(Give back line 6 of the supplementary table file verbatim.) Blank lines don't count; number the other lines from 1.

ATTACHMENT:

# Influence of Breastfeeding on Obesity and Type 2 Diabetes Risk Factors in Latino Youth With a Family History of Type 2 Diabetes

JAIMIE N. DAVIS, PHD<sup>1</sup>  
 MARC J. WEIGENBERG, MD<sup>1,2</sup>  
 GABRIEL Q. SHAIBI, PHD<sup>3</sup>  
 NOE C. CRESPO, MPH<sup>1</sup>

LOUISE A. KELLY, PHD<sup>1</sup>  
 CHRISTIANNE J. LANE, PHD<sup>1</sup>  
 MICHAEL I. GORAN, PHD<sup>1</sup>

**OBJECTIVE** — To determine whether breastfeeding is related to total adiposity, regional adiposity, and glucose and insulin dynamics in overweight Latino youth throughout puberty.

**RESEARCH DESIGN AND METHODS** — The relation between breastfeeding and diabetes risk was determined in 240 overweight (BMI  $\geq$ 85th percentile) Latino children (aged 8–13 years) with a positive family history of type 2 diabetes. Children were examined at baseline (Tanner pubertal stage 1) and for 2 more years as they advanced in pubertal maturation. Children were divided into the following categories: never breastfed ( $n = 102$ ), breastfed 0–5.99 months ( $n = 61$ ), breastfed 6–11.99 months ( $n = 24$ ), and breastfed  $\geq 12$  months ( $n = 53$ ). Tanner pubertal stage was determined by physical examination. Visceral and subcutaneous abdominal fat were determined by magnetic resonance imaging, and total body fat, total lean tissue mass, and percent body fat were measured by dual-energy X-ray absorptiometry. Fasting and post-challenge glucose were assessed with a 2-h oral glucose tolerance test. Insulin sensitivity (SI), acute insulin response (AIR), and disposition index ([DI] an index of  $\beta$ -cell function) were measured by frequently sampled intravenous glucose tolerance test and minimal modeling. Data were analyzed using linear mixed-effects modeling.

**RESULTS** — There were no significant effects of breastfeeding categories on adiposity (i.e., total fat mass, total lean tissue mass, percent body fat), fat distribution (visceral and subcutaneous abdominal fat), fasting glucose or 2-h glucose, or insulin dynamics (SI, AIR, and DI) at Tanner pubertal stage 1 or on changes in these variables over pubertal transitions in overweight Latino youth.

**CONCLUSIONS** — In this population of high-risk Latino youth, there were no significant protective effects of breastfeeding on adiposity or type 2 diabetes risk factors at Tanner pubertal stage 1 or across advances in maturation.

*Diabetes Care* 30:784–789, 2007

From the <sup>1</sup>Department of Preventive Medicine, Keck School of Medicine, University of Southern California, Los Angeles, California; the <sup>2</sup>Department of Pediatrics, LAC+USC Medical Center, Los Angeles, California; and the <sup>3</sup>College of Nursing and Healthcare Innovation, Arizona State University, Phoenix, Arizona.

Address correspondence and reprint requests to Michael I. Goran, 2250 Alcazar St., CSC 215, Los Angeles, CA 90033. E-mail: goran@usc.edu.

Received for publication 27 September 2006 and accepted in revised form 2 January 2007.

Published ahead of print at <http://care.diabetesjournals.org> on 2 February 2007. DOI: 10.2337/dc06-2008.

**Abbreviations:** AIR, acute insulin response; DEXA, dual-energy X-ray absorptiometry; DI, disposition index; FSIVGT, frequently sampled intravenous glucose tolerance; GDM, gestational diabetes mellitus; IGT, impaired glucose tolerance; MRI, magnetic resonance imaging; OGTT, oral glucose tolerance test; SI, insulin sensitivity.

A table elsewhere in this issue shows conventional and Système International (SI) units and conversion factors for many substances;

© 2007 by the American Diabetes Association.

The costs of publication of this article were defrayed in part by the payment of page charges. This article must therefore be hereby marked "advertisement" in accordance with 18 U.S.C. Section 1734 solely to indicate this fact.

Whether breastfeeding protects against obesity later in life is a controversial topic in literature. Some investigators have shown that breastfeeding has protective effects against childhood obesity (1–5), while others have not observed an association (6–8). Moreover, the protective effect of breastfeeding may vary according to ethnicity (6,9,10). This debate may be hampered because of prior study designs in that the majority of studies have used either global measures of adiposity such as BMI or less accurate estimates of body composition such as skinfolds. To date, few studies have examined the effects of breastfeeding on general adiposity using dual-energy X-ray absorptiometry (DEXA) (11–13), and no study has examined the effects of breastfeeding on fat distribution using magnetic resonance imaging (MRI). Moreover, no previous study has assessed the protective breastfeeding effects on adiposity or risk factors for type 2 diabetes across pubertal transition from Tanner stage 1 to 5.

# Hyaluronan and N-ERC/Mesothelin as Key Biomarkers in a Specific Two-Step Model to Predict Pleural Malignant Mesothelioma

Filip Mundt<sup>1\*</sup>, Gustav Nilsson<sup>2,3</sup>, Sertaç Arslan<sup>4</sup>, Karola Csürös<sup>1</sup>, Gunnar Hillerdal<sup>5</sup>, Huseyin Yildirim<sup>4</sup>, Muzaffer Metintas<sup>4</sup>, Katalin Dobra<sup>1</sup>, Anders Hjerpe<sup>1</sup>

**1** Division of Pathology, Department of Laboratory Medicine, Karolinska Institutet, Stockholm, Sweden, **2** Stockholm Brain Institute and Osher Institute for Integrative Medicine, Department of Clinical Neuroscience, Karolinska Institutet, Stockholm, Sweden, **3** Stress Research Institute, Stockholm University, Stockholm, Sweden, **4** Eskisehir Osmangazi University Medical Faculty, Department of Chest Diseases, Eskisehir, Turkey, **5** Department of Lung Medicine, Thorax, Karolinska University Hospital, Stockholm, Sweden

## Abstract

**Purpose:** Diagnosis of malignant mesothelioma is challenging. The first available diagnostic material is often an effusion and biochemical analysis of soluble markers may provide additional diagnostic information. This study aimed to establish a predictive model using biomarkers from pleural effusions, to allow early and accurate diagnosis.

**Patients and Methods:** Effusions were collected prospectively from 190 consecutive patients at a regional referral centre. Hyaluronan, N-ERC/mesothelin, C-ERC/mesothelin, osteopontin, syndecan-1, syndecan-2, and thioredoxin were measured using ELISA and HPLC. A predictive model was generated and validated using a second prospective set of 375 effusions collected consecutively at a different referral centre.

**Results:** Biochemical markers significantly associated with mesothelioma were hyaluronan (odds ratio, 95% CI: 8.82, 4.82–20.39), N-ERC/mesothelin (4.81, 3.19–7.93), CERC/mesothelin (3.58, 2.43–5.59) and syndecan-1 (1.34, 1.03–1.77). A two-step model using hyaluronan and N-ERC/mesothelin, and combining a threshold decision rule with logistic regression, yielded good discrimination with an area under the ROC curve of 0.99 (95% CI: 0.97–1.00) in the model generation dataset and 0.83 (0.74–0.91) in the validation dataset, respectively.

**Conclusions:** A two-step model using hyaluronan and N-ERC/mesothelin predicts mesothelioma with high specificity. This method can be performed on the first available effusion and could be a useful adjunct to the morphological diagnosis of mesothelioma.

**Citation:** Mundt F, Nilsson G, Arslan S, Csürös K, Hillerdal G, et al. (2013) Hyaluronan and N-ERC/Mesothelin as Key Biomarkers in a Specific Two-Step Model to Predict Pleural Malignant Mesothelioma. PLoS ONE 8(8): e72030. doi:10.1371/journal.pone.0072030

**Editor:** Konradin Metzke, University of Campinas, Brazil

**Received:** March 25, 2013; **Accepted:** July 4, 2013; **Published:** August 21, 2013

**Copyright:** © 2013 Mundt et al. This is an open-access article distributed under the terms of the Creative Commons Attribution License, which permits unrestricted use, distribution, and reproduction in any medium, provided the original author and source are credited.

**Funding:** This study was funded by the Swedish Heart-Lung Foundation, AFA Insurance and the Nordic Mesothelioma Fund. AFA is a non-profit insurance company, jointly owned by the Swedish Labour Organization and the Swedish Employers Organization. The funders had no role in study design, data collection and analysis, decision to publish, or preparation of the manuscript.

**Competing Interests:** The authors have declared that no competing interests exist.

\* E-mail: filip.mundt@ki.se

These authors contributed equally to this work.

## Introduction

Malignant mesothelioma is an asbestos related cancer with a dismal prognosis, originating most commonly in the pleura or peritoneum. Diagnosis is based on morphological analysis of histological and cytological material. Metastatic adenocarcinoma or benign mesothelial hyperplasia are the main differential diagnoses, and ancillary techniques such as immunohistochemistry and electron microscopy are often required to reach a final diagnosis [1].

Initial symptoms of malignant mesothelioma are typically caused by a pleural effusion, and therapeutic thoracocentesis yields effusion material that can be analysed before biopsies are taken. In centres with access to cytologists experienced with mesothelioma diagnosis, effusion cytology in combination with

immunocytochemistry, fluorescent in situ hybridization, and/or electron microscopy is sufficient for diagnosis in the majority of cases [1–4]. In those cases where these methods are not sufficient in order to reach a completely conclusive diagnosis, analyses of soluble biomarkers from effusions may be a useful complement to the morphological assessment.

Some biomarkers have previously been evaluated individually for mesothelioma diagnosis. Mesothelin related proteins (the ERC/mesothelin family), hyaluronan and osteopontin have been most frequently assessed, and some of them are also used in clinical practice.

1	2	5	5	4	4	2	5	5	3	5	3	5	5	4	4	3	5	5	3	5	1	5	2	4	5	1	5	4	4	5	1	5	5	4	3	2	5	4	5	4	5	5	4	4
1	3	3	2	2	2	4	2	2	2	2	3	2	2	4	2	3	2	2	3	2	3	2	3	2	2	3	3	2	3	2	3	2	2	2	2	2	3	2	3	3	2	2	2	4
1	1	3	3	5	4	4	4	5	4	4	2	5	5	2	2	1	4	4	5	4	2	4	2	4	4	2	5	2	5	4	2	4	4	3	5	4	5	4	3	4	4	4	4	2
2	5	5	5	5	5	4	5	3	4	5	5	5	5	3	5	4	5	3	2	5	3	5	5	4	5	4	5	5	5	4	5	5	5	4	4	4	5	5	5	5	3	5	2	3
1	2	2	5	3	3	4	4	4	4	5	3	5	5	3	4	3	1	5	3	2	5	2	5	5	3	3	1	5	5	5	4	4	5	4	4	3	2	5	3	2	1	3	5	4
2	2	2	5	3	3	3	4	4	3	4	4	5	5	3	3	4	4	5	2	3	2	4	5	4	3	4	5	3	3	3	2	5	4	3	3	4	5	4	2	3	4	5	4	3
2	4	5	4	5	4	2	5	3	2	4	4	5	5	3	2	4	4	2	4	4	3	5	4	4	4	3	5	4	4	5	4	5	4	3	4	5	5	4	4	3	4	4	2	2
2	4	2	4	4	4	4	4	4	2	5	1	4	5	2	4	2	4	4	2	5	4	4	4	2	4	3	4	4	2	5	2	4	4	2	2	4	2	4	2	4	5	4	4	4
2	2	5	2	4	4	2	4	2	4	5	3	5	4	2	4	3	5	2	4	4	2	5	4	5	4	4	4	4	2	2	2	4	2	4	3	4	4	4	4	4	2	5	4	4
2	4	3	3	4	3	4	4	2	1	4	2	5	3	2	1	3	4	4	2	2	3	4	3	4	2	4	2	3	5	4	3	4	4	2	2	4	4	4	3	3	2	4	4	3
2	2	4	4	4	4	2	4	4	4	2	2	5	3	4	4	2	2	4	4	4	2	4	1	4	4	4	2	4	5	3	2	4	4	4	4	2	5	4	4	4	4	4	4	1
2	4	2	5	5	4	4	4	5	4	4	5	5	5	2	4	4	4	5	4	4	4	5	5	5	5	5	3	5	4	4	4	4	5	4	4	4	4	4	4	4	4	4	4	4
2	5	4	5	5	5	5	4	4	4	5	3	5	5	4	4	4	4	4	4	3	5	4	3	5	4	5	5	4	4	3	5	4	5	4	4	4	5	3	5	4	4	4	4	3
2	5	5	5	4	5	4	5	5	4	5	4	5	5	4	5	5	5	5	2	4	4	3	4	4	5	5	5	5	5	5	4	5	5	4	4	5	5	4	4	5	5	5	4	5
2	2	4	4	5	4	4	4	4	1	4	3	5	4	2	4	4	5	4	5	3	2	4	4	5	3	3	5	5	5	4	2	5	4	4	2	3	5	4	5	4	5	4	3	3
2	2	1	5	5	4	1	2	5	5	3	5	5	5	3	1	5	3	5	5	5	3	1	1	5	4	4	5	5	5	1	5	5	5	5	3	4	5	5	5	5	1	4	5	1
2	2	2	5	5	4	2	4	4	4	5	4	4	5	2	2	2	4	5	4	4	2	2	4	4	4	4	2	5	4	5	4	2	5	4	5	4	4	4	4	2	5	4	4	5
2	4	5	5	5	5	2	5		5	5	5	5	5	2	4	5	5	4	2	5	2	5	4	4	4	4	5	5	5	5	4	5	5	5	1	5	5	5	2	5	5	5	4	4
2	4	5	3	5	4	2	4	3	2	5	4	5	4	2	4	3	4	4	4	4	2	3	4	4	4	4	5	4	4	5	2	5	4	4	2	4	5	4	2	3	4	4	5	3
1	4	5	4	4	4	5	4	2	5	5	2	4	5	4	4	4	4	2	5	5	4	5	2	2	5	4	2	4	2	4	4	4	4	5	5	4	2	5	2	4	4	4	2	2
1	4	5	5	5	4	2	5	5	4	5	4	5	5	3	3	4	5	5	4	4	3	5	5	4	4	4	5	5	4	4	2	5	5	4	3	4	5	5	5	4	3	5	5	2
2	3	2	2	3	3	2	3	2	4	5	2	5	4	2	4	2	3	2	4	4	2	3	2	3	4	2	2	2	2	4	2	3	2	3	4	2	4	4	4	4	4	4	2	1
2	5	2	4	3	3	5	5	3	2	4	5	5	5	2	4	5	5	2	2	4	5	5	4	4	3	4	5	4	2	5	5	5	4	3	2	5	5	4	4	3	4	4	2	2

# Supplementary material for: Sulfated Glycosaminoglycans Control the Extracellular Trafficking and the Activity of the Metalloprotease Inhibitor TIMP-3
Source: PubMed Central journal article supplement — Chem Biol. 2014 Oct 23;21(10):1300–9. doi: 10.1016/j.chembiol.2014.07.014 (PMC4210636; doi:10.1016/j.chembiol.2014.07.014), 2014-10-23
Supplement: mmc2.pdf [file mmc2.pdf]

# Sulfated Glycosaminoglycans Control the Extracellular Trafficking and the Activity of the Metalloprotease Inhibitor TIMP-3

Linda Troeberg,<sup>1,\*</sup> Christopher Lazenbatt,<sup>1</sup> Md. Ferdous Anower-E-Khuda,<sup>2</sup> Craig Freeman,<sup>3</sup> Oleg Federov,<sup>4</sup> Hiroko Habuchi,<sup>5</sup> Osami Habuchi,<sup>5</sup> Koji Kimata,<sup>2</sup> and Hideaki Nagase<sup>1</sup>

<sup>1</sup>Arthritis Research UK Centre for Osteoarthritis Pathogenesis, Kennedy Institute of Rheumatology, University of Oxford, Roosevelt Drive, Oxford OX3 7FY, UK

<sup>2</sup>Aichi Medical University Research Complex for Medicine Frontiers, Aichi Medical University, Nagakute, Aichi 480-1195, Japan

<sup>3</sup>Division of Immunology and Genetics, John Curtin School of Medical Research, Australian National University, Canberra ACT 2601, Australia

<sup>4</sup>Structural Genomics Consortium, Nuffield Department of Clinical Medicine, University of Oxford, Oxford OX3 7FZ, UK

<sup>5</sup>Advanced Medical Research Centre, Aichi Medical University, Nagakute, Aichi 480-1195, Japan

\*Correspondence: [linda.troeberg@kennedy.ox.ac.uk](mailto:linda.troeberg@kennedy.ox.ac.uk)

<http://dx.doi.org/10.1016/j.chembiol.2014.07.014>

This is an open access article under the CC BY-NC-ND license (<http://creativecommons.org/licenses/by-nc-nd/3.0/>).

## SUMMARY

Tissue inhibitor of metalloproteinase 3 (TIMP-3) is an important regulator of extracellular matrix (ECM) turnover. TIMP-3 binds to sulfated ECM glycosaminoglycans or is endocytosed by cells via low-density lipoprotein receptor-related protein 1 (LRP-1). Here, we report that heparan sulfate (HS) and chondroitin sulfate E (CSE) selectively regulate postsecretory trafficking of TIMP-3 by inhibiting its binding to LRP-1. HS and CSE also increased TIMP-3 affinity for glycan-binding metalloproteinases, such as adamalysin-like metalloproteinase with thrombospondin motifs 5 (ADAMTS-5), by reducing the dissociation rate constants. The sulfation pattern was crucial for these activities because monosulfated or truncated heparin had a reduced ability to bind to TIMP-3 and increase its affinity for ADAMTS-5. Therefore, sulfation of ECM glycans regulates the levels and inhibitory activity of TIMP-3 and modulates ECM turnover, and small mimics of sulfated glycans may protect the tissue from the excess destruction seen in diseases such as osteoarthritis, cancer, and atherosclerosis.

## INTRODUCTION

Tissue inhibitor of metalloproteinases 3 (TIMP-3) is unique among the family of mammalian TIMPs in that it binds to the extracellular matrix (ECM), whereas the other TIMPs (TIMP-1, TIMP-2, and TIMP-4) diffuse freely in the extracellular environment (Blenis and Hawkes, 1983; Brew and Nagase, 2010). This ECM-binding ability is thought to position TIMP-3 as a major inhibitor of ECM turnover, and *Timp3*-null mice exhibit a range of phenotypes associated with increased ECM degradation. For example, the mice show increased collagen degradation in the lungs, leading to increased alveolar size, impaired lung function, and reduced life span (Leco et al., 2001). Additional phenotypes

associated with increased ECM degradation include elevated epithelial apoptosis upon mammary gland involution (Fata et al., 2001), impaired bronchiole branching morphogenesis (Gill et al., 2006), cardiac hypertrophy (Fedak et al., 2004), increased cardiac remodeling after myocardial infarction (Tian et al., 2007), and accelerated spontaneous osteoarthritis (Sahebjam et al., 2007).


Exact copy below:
LOUISE A. KELLY, PHD<sup>1</sup>  